21/05/2012 17:59 BST | Updated 21/07/2012 06:12 BST

Everything You Need to Know About the Sunshine Vitamin

What is all the fuss about vitamin D? If you haven't read a magazine article on vitamin D recently; where have you been? There is so much interest in this magical vitamin, you would think it's the next big thing - well in the nutrition world it is!

What is Vitamin D?

• Vitamin D is a fat soluble vitamin essential for so many processes in the body

• It is needed for the absorption of calcium to develop and maintain healthy bones

• It is also thought to be involved in cell growth, immune function and reducing inflammation, making it a very important nutrient for everyone

We all need vitamin D just some people need it more than others, including young children, pregnant women and breastfeeding mums.

However that doesn't mean that the rest of us are not at risk. With workers increasingly staying in the office to work through lunch and rising pollution, many factors mean you might not be getting all of the vitamin D you need.

Check the following to see if you are at risk:

I eat lunch at my desk or in the canteen on most days / I spend most of time indoors

Our bodies need UVB rays from the sun in order to make vitamin D, so if you don't spend enough time outside then you might not be making enough.

I always wear sunscreen when I am exposed to the sun / I wear clothes that cover most of my skin

A fairly large area of skin without sunscreen needs to be exposed to the sun for sufficient vitamin D synthesis.

I limit oily fish, eggs and dairy products in my diet

These are just some of the few foods naturally containing vitamin D.

I live in a polluted area

Cloud cover, smog and polluted air as well as the season and time of day affect the strength of UV rays and therefore the amount of vitamin D that can be made.

I have Asian, African, Afro-Caribbean or Middle-Eastern origins

Skin melanin content affects the body's ability to make vitamin D.

I am over 65 years old

Skin becomes thinner and less efficient at making vitamin D with age.

What happens if we don't have enough?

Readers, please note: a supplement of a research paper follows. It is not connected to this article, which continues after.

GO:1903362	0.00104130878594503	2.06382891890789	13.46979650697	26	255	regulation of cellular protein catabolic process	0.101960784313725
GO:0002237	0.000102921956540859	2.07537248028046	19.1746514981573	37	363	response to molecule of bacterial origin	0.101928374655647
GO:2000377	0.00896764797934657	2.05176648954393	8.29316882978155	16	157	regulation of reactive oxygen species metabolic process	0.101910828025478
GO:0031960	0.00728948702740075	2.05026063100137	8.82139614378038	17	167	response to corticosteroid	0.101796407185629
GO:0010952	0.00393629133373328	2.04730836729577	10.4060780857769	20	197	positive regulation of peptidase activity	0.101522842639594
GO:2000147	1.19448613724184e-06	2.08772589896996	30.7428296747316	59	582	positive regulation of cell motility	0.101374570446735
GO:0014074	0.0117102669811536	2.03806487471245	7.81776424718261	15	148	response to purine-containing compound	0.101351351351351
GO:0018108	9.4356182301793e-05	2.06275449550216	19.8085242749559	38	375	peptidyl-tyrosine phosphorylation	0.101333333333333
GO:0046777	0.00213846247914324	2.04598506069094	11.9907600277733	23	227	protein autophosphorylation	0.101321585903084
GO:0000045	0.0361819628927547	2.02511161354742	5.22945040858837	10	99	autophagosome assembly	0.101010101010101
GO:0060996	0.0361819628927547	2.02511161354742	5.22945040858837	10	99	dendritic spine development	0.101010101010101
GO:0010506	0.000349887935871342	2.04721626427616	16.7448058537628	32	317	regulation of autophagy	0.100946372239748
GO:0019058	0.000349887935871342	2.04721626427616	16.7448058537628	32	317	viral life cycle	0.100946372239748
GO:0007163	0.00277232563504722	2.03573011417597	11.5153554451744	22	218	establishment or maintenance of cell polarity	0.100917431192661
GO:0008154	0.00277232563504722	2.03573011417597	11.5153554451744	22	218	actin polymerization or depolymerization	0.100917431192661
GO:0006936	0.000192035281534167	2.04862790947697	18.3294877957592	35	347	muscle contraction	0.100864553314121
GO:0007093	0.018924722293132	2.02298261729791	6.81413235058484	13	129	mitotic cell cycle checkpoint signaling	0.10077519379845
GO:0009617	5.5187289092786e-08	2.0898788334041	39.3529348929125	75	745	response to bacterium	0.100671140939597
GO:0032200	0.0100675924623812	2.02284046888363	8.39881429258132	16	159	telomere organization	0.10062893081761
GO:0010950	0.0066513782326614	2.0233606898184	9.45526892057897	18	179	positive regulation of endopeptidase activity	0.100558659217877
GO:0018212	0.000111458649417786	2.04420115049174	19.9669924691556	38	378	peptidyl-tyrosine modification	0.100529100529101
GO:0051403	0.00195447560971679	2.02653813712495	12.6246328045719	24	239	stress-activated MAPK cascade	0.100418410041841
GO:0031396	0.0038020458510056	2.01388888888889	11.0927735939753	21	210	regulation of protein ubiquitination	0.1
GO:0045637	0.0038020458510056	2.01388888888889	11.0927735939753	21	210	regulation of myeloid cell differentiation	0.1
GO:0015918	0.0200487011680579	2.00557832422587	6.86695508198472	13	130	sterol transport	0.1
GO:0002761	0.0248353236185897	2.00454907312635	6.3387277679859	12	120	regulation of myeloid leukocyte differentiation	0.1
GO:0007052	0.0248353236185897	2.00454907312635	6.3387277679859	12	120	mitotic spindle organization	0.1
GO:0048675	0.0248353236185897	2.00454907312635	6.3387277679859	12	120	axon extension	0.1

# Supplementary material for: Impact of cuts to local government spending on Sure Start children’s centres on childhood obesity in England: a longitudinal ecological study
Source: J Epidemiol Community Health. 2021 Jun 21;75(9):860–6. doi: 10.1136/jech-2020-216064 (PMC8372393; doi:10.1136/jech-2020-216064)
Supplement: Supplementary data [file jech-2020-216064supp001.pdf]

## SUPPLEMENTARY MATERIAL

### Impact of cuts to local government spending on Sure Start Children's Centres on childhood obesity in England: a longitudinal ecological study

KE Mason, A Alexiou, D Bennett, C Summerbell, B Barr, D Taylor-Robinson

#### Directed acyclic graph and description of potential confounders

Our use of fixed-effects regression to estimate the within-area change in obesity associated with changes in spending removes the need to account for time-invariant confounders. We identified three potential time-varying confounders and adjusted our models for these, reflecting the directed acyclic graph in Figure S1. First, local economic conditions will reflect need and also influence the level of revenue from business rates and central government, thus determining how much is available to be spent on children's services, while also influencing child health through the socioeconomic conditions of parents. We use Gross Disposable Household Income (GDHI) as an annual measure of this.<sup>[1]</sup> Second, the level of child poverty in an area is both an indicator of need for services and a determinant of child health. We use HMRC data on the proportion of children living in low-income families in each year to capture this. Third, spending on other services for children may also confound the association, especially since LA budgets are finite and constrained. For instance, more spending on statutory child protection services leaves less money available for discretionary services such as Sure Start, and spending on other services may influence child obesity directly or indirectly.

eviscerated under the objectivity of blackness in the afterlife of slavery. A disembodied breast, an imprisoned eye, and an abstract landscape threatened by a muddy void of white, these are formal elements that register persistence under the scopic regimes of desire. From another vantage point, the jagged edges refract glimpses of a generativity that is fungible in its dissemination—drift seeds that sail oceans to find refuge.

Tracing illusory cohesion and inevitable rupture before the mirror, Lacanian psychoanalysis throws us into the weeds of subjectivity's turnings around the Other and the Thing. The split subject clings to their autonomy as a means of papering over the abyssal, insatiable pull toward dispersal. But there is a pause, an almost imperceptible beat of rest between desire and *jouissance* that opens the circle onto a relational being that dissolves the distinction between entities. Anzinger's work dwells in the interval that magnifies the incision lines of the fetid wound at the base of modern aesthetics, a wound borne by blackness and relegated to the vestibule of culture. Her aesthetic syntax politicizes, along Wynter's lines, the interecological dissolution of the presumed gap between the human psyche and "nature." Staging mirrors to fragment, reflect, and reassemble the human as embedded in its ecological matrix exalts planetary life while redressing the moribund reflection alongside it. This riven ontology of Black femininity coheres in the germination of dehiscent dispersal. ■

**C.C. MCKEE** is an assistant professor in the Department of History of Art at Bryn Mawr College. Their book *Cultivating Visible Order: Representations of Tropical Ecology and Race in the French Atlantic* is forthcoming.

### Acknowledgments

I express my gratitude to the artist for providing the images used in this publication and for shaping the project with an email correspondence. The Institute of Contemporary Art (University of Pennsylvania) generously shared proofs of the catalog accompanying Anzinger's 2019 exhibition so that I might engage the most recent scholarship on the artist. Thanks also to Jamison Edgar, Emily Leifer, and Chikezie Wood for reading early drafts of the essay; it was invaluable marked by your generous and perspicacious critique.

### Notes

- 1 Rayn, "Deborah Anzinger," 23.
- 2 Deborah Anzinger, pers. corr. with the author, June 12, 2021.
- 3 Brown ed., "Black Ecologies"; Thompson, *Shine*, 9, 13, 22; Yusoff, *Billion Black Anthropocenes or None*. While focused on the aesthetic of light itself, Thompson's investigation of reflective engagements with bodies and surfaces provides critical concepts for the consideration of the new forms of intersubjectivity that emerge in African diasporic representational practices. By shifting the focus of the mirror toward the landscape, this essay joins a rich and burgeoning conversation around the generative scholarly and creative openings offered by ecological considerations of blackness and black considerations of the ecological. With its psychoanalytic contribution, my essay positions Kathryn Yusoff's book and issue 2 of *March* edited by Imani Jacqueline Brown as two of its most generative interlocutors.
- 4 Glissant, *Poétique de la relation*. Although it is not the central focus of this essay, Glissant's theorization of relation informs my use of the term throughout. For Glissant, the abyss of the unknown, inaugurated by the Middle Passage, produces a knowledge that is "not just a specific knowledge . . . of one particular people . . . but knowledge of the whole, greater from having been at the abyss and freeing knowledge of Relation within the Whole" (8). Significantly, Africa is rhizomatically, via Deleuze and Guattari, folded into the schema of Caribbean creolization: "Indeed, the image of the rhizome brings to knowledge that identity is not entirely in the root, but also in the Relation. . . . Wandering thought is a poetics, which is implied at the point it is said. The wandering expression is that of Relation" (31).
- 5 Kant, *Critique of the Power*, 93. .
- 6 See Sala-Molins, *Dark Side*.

So how important can one little vitamin be? Well, if you don't have enough vitamin D, there can be some nasty consequences, for example:

o In babies very low levels of vitamin D (usually because of low stores in pregnant mums) can lead to fits

o In young children, vitamin D deficiency can cause rickets, resulting in soft bones and deformities such as bowed legs

o A condition called osteomalacia is seen in adults with extremely low vitamin D status - symptoms begin with aching bones and muscle pain and can progress to difficulties walking

o Long term vitamin D deficiency can cause osteoporosis which is commonly seen in the elderly, this involves the development of thin, brittle bones and risk of fractures

Recent studies have also linked low vitamin D to low mood and increased risk of conditions such as diabetes, rheumatoid arthritis, multiple sclerosis and some cancers. So it is very important we make sure we get enough of this vitamin.

Where can I get it from?

Sun! If you are lucky enough to live near the Equator, the sun is strong enough to produce vitamin D all year round; however in the UK the sun is probably only strong enough from April to September, which makes it even more important to top up stores when you can. It is not clear exactly how much sun we need to get our daily dose of vitamin D - it is thought that being outside for 20-30 minutes on at least 3 days a week during April to September with some skin (e.g. face and arms or legs) exposed should be enough. Make sure that you don't use this as an excuse for sunbathing though - too much exposure increases your risk of skin cancer.


Very few foods contain vitamin D naturally. However, the best food sources of vitamin D are oily fish, so include these in your diet regularly (mackerel, herring, kippers, trout, salmon and fresh tuna). Other sources are fish liver oils, egg yolk, dairy and fortified foods like margarine and breakfast cereals. Try to include some sources of vitamin D every day - a fortified breakfast cereal makes a great start to the day, and a mackerel and salad sandwich for lunch followed by a 20 minute stroll in the sunshine is a great place to start.


Most people can get all the vitamin D they need from a balanced diet and regular time outdoors, however if you are worried that you might not be getting enough, you might choose to take a supplement. Never take more than one supplement containing vitamin D (including fish oils) as this could be harmful. Speak to your GP or dietitian if you have any concerns.